The brokering of the Camp David agreement in 1979 and the Oslo Accord of 1993 was futile in that it represented the west trying to resolve the discord between Jews and Arabs. And the case of the Irish boy Ibrahim Halawa, languishing in an Egyptian prison for four years, is an example not only of a miscarriage of justice but of an east-west misunderstanding due to cultural, linguistic and legal differences.
The author abandons any claim to balance when he declares “the Israelis have graduated from throwing bombs to the more civilized method of dropping them”. Israel, like Isis, may have overstepped the border between civility and chaos in recent years, but to label it, as does Mackintosh-Smith, as an “aggressive and provocative neighbour” is to ignore the wars of 1948, 1967 and 1973, instigated by Israel’s own “aggressive and provocative neighbours”.
I remember in the 1967 Six Days’ War, when the Arab nations attempted to destroy the state of Israel which they surrounded, King Hussein of Jordan declaring (of the Jews): “They will be our enemies until the end of time.”
The author is long on quotations from Arabic sources but short on their wider context. Thus he cites George Antonius’ The Arab Awakening of 1938 but he might also have mentioned Antonius’ sister-in-law, Amy Nimr, a painter who belonged to the “Art and Liberty” group of surrealist painters in Egypt (which was also associated with the novelist Albert Cossery). The group was one of the cultural dimensions of modern Egypt which might have strengthened his illustrations of the east-west split in mindsets.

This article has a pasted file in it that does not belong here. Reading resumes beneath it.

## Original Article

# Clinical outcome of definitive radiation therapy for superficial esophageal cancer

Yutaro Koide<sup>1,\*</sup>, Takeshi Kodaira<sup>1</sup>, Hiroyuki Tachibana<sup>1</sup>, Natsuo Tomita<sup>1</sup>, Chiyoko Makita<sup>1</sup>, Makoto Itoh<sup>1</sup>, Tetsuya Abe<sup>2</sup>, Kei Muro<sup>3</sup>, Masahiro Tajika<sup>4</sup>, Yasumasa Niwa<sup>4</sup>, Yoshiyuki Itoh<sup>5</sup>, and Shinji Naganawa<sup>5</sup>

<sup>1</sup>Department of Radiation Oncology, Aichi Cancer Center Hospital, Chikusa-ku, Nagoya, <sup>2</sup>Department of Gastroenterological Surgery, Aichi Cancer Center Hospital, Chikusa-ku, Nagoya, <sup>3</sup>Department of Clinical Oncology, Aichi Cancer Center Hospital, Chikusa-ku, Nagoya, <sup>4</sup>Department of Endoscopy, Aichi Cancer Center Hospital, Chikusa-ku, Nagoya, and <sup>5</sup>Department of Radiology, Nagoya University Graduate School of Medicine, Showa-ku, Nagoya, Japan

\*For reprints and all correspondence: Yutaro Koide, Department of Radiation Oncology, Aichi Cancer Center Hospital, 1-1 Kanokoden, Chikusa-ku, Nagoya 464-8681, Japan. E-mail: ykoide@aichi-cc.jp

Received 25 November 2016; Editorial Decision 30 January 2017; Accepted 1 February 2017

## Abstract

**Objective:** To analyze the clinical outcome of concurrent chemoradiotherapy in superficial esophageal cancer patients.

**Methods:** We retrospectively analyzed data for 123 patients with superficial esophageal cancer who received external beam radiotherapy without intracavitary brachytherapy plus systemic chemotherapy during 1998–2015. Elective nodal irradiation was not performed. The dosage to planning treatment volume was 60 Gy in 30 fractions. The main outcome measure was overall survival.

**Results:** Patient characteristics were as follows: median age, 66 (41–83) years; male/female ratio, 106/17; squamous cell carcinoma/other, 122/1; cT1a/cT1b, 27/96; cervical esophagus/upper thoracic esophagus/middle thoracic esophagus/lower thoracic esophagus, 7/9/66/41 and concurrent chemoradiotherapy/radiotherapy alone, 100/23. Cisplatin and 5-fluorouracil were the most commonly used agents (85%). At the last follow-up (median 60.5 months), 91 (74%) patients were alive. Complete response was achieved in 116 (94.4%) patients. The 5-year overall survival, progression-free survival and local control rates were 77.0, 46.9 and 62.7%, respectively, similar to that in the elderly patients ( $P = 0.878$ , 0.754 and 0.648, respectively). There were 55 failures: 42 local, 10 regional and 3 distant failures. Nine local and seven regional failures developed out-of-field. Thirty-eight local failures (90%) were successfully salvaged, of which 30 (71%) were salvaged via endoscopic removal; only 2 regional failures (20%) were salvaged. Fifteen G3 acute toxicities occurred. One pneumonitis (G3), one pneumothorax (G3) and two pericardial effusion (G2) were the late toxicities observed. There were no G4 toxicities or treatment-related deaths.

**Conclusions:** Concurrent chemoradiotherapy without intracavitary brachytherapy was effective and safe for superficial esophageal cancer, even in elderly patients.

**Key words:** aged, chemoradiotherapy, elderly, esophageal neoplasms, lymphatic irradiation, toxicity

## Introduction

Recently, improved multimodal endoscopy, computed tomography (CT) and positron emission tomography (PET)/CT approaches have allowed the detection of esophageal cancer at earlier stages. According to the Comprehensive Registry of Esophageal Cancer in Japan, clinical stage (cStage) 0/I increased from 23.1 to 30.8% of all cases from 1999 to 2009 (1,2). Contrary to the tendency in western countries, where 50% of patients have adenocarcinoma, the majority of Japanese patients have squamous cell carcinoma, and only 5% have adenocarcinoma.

The Copts, too, are almost entirely ignored as a force in the political evolution of modern Egypt. B L Carter’s The Copts in Egyptian Politics (1986) would have amplified his account of Egypt as the key to the Arab future.
The absence of David Fromkin’s A Peace to End All Peace (1989), Philip Mansel’s magisterial Levant (2010) or Robert Fisk’s The Great War for Civilization (2005) seems odd. So too does that of Naguib Mahfouz among Arabic literary figures, or Ahdaf Soueif’s In the Eye of the Sun. While Taha Hussein is mentioned, his The Future of Culture in Egypt (1938) deserves consideration. There is no mention of André Aciman – surely his Out of Egypt should be assessed, while, among the classic texts, Robin Fedden’s books on Egypt and Syria also merit at least a passing mention.
These oversights suggest that the author’s agenda has been so narrowly focussed on elucidating the essential nature of Arab identity through the ages that it has preferred not to take a wider perspective on the controversial and multicultural hinterland of his subject. Moreover, the endnotes are so impenetrable as to disaffect the enquiring reader.
One feels deep sympathy for a man who can write, “Seeing the land I live in and love falling apart is like watching an old and dear friend losing his mind” and suffering “a slow considered suicide”. I couldn’t agree more: living in Greece inflicts the same unhappy emotions.